With the adjacent Love Affair, John Klemmer and his band embrace the Brazilian spirit in equal parts; softly lacunar, with its ventricles filled with Abe Loriel’s umbrageous-desiccated guitar licks and a certain muzak timbre before Nothing Will Ever Be The Same Again Forever closes side A via a rattling Funk/Fusion stampede made of floundering piano punctilios, lilting legato lariats sax-wise and certain big city chords to absorb in this nocturnal arena.
Side B launches with the faux ballad Desire whose gorgeous-galactic synth circumambience only feigns a beatless physiognomy; 70 seconds into the track, a well-groomed, string-fueled aura enriches the macula and shuttles between electropositive hooks of salubrious accessibility and colloidal piano segues. Falling meanwhile is a slowed-down spherification schlepping its inebriated state forward in the wake of Klemmer’s spiraling subcellular saxes and schmaltzy string backends. It is not an appalling tune per se, but way too much entrapped in the ergosphere of Easy Listening, purposely lacking the energy in favor of a carefree epistemology akin to Lonnie Liston Smith’s Funk escapades of the same year.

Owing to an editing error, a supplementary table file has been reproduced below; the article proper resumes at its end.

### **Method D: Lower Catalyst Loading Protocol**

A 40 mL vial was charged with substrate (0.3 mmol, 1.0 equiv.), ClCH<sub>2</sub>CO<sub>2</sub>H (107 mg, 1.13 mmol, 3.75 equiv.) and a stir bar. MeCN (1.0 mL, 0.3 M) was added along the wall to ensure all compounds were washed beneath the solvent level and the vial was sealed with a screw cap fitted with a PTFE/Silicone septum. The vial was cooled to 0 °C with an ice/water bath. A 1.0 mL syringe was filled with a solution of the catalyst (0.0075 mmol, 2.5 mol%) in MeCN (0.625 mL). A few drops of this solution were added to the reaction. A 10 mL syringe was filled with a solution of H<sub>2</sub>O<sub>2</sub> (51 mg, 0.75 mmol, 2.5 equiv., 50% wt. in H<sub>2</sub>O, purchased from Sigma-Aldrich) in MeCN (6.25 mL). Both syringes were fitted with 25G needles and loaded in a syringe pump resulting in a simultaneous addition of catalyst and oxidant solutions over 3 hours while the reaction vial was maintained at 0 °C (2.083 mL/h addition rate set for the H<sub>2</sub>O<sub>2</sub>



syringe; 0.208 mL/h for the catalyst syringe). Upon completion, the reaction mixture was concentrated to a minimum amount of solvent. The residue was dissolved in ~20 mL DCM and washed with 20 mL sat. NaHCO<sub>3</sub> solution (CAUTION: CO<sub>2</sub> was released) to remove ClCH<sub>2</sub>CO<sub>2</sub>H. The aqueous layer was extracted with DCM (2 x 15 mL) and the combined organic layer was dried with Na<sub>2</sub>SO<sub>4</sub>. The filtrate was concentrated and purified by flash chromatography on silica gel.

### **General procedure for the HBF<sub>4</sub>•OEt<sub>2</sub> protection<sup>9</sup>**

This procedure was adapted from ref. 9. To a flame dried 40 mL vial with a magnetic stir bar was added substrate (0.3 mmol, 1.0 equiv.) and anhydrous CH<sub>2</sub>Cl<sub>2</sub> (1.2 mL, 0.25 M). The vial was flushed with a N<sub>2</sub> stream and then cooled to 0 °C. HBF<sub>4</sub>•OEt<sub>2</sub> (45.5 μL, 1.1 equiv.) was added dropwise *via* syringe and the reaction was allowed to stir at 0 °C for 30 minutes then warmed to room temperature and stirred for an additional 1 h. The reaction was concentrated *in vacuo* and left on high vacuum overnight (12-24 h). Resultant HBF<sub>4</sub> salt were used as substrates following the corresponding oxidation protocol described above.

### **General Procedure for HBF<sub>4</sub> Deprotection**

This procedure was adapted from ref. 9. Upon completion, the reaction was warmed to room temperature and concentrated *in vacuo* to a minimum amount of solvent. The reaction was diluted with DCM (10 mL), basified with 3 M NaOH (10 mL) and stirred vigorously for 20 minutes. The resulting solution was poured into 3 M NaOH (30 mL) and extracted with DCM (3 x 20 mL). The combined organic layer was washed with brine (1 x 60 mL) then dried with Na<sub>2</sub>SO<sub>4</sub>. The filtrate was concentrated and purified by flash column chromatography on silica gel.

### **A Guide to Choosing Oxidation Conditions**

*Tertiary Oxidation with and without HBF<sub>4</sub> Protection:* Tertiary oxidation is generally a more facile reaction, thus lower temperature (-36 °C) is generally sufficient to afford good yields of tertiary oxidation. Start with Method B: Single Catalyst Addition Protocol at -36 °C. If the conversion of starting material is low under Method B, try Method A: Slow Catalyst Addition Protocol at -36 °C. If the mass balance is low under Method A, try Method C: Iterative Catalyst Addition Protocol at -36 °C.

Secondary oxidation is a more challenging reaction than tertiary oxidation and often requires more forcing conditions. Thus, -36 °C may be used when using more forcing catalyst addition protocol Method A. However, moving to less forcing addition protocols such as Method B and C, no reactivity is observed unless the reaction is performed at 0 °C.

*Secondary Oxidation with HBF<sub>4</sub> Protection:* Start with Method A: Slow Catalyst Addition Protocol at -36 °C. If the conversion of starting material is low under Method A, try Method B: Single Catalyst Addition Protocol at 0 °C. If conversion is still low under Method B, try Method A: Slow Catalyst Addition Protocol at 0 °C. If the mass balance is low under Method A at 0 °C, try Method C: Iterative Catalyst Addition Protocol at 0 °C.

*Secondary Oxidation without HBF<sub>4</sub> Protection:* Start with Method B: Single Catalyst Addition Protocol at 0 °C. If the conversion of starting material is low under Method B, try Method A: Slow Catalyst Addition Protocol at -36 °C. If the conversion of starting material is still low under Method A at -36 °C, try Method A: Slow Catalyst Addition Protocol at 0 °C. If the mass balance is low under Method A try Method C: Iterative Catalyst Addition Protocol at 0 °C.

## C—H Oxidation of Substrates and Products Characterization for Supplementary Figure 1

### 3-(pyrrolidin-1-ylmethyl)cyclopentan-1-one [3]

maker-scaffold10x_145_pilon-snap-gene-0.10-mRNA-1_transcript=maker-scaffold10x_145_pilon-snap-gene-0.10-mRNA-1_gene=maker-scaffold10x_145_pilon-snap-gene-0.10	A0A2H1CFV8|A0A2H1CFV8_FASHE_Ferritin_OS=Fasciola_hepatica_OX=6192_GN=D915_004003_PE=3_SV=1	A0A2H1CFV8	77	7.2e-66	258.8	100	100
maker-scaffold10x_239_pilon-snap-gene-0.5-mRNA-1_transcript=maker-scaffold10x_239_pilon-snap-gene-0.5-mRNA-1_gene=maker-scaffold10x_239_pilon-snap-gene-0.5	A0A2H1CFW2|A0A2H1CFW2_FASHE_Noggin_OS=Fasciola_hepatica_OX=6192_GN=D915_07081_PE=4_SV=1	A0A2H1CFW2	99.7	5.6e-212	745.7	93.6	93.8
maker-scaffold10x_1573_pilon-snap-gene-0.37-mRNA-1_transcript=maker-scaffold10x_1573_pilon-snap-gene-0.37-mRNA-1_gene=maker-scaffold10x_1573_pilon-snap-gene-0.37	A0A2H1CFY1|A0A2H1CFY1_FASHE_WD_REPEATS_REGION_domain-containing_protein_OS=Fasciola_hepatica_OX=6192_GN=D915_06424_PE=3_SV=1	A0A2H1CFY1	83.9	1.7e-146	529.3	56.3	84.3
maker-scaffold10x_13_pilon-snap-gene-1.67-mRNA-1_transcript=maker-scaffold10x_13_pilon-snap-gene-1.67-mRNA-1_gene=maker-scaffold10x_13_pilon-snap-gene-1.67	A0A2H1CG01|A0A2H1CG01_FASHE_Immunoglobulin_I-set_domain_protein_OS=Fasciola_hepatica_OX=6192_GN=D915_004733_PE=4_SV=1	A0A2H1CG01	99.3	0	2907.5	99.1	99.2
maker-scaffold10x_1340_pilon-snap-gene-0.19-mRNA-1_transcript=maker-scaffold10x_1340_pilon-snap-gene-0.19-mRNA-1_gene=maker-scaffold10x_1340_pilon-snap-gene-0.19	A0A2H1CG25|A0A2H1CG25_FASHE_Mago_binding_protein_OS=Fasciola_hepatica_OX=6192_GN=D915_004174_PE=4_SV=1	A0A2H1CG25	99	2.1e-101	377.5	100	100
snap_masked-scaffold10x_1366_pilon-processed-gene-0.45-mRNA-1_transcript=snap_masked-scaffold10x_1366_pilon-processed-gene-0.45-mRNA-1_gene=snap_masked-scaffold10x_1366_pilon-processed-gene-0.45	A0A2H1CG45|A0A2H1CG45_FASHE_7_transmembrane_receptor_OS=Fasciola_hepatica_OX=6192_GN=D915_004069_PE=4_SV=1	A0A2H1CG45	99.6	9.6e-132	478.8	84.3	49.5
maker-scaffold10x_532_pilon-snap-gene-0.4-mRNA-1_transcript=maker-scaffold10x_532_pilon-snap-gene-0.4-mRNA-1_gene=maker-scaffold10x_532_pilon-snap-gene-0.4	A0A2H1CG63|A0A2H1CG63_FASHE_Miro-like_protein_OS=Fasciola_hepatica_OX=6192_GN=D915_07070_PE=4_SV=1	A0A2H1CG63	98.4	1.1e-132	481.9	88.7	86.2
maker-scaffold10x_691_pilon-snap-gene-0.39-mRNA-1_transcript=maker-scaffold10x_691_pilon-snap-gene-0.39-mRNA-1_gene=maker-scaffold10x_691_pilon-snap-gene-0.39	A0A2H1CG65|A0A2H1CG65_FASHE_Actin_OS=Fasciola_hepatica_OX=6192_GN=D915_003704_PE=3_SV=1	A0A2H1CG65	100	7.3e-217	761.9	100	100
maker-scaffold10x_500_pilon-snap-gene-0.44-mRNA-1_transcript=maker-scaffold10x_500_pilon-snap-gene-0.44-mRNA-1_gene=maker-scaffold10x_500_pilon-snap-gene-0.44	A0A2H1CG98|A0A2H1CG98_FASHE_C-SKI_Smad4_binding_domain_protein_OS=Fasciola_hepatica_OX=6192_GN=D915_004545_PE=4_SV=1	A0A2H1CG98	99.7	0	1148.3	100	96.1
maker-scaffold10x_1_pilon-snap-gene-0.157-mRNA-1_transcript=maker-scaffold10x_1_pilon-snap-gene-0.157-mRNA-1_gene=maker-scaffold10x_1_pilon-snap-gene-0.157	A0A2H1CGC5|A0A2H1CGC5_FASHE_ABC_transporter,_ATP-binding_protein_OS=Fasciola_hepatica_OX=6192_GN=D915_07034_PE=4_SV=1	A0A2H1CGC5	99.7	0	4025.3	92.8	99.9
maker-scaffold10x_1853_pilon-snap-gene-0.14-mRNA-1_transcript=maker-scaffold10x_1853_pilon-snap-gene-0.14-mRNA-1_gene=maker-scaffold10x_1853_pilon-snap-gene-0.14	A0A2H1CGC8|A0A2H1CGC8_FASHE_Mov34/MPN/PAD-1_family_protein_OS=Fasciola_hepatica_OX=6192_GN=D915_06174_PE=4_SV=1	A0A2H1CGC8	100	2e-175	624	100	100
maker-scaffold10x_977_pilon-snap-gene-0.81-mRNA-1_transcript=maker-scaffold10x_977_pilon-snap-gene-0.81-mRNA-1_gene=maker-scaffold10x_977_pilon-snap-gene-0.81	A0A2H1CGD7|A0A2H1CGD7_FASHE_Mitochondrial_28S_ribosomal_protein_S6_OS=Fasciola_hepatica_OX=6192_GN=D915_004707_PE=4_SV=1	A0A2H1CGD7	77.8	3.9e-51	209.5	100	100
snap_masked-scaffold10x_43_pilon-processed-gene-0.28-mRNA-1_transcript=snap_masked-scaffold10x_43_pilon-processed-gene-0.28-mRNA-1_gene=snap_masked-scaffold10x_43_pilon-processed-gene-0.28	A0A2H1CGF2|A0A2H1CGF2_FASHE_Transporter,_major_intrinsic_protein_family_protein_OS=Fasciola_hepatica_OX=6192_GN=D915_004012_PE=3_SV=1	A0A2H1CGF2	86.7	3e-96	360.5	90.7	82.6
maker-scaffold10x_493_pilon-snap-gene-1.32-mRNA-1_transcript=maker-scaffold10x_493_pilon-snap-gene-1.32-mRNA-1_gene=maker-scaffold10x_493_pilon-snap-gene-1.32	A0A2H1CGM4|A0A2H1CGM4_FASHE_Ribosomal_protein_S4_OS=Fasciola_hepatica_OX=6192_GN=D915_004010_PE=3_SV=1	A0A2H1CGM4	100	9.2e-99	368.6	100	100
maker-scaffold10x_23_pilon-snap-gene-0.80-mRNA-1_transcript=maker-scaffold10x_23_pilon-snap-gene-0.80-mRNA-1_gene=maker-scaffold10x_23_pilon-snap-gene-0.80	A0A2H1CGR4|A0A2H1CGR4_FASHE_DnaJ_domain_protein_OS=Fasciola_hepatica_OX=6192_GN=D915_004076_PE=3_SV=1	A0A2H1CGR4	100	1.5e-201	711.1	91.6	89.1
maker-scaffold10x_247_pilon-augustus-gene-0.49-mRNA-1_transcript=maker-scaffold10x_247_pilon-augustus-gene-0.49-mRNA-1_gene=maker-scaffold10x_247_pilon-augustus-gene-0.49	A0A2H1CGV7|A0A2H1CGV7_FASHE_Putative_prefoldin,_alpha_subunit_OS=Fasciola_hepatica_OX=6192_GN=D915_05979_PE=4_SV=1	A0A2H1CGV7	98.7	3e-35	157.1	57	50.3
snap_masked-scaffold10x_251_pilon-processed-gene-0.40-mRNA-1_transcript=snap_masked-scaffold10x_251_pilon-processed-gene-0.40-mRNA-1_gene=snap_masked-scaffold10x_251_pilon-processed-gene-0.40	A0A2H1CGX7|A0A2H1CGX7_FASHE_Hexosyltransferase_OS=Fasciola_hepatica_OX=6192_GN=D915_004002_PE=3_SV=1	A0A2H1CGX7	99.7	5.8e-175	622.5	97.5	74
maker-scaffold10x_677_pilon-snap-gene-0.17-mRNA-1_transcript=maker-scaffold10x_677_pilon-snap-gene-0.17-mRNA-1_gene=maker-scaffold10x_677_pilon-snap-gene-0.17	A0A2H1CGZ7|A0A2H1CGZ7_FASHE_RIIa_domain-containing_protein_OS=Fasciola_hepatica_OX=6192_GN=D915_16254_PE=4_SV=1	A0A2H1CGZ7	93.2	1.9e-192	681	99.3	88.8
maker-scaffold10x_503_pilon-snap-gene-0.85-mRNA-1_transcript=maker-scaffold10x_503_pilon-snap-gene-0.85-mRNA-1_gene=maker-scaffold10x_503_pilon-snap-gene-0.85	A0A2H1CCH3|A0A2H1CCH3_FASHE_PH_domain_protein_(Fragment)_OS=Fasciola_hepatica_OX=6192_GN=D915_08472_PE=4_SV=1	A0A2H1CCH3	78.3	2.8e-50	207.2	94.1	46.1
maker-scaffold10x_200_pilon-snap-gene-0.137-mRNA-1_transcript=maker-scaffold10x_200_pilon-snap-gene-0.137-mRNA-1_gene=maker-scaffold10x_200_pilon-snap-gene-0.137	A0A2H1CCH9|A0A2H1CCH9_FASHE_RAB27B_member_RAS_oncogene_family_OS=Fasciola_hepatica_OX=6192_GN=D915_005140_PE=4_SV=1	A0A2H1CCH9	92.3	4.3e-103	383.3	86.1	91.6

Whereas Walk In Love remains in the same tempo range but revs up the rose-tinted phantasmagoria with the aid of Lenny White’s gridlock/go ambivalence on the drums and Pat Rebillot’s rhombohedral Fender Rhodes oxidants, Picasso returns to Latin lands by providing a bongo-based riverbed, vespertine piano prongs and a yearning superconductivity emitted by Klemmer’s sax. It is the task of the finale Mardi Gras to break these hatched colors with its flamboyant complexion. Ian Freebairn-Smith’s diaphanous mud whistle merges with Samba whistles, sax florets… and a surprisingly easygoing state that seems to watch the famous parade from afar instead of providing the closer, more immersive look. Short string estuaries and jittery Fender Rhodes crystals put the finishing touches on a comfy perianth.